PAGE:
"The books are stunningly beautiful. The amount of information on conifers in general in Volume 1 is amazing. The photography is the about the best I've ever seen. In a single word: Brilliant!
Pinus bhutanica - Bhutan White Pine
It took us 6 years to be able to arrange a conifer-focused botanical exploration in Tibet. With financial help from I.D.R.I. this visit was organized through cooperation with colleagues at the National Herbarium, Chinese Academy of Sciences, Beijing, from where 4 colleagues accompanied us with local guidance from the Tibetan Plateau Ecological Institute, Lhasa.
During this memorable expedition we could document a total of 20 conifers. On a mostly clear day, August 9, 2001 we were on the Linzhi-Bomi road heading east to explore the Nychen Kangri area. As we passed the famous location outside Linzhi with giant trees of Cupressus gigantea (which we planned to see on the way back) we began to climb the Zhejila Mountain Range. Stop for Larix speciosadocumentation, later for Juniperus saltuaria and Abies fargesii.
After Lulan the Niyang river valley gets narrower and the endless mountain slopes clothed with thick coniferd-dominated forests could be more closely inspected. The elevation here is around 2500 m a.s.l. Let's have look at one of the pines that occupies the area (the other pine being Pinus densata)...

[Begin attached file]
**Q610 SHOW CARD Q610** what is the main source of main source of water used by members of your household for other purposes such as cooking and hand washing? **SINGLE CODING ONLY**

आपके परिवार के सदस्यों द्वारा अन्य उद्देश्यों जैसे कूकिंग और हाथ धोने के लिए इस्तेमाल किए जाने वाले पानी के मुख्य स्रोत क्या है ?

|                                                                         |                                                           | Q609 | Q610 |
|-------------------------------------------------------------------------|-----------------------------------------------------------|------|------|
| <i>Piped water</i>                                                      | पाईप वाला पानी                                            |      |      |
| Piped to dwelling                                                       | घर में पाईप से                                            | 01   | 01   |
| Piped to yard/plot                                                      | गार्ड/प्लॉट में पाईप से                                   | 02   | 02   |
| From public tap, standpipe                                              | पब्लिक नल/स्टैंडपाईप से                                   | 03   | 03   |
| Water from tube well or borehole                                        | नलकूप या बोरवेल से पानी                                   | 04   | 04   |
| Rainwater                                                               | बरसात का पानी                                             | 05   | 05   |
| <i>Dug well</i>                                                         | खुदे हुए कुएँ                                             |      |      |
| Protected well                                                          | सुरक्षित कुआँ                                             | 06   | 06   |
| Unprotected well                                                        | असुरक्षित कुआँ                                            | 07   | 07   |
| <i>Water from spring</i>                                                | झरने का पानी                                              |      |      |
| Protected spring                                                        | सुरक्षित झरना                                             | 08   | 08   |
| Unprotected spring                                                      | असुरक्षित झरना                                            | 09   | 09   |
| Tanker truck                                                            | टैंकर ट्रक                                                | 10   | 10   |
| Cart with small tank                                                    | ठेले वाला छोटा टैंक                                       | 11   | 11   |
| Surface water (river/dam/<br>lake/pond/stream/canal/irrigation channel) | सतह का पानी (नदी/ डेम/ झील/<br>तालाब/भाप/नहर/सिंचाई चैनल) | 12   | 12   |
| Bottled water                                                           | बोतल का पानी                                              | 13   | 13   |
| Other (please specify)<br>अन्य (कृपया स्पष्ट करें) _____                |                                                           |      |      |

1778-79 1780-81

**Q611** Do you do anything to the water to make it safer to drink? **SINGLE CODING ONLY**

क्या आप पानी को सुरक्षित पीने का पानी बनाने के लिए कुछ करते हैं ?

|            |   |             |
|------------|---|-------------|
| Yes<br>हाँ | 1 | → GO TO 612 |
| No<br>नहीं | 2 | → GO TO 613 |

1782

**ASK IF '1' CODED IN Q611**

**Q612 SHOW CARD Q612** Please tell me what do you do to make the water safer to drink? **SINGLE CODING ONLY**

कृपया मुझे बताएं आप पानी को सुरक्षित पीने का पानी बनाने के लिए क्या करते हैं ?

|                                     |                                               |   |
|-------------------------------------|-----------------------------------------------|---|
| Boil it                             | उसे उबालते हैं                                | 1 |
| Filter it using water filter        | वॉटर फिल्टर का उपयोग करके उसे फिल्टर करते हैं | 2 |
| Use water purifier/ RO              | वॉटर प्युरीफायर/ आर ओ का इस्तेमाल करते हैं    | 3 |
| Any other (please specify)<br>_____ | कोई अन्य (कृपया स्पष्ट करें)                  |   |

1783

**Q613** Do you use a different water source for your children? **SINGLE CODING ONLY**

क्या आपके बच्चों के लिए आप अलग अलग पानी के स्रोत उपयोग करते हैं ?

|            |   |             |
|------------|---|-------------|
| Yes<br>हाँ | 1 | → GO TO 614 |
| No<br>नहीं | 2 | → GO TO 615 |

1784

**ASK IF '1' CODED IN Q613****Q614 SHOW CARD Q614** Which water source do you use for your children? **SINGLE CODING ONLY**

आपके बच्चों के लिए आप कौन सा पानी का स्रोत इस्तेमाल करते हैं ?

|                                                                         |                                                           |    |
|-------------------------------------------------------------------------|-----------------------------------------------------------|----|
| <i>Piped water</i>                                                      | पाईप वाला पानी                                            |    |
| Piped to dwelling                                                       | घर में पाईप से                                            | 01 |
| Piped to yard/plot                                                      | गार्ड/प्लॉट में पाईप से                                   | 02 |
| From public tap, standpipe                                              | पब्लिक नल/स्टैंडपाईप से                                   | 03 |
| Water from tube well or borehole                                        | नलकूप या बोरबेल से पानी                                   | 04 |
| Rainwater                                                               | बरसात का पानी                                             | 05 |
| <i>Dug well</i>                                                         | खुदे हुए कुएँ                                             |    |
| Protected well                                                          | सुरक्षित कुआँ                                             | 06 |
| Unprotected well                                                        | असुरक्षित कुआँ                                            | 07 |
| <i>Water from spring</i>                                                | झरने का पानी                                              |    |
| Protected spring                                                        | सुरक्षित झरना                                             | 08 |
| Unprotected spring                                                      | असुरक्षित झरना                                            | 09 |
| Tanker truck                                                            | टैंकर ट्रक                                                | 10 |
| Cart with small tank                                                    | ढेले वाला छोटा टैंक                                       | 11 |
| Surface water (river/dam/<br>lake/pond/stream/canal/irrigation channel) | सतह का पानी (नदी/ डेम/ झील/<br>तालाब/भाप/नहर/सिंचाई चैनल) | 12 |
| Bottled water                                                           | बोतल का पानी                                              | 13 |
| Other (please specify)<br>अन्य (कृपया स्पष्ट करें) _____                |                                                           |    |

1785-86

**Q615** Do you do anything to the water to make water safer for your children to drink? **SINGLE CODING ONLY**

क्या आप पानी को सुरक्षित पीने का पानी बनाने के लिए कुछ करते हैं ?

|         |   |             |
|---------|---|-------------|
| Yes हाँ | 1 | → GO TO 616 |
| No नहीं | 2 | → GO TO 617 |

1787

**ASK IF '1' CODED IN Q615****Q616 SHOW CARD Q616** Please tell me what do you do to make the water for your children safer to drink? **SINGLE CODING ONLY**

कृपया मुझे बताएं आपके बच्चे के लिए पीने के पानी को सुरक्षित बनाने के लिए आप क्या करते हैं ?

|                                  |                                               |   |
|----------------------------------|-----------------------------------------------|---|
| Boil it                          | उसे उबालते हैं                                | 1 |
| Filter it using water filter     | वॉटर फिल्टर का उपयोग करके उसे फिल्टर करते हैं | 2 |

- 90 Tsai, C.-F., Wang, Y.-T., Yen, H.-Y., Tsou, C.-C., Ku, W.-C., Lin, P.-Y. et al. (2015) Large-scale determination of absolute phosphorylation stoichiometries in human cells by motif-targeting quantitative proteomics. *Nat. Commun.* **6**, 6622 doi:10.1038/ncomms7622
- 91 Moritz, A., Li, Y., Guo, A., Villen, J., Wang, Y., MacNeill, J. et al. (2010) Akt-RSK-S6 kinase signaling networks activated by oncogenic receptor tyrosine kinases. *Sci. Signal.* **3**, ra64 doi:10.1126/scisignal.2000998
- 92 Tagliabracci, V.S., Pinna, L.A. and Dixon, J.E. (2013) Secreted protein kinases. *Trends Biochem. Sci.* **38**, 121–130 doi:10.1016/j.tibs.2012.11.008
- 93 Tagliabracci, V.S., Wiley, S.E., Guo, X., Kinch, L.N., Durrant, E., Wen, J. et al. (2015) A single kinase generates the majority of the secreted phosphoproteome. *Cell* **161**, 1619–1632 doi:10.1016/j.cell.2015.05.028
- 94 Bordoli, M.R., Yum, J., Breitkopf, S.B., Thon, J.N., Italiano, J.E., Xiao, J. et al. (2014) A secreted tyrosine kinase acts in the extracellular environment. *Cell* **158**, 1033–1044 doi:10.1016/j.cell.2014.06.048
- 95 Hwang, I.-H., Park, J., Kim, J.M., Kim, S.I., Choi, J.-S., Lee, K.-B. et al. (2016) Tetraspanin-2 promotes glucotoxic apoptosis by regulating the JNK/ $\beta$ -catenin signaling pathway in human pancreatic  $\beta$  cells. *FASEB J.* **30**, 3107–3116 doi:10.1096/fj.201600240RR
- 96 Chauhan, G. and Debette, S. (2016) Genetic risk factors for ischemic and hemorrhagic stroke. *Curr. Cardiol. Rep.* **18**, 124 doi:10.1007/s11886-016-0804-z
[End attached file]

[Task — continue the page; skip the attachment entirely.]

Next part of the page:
A handsome specimen tree stands on a cliff above the river – though it is similar to Pinus wallichiana, this one has very fine pendent foliage and thin, pubescent, pruinose branchlets! A few minutes and we conclude – it must be Pinus bhutanica! It comes as a special gift for this trip! – Taking a series of photos, and (10 years passed) the species is now featured in Conifers Around the World, page 398. Some additional photos are included here from the Yi'ong-valley – one of the grandest conifer habitats we ever visited.
The plant marked with an inscription in two photos below, has been observed at the Royal Botanic Garden Edinburgh; interestingly, the foliage of this tree, an original introduction from Bhutan, has a somewhat silvery sheen while most specimens we have seen in Tibet were green.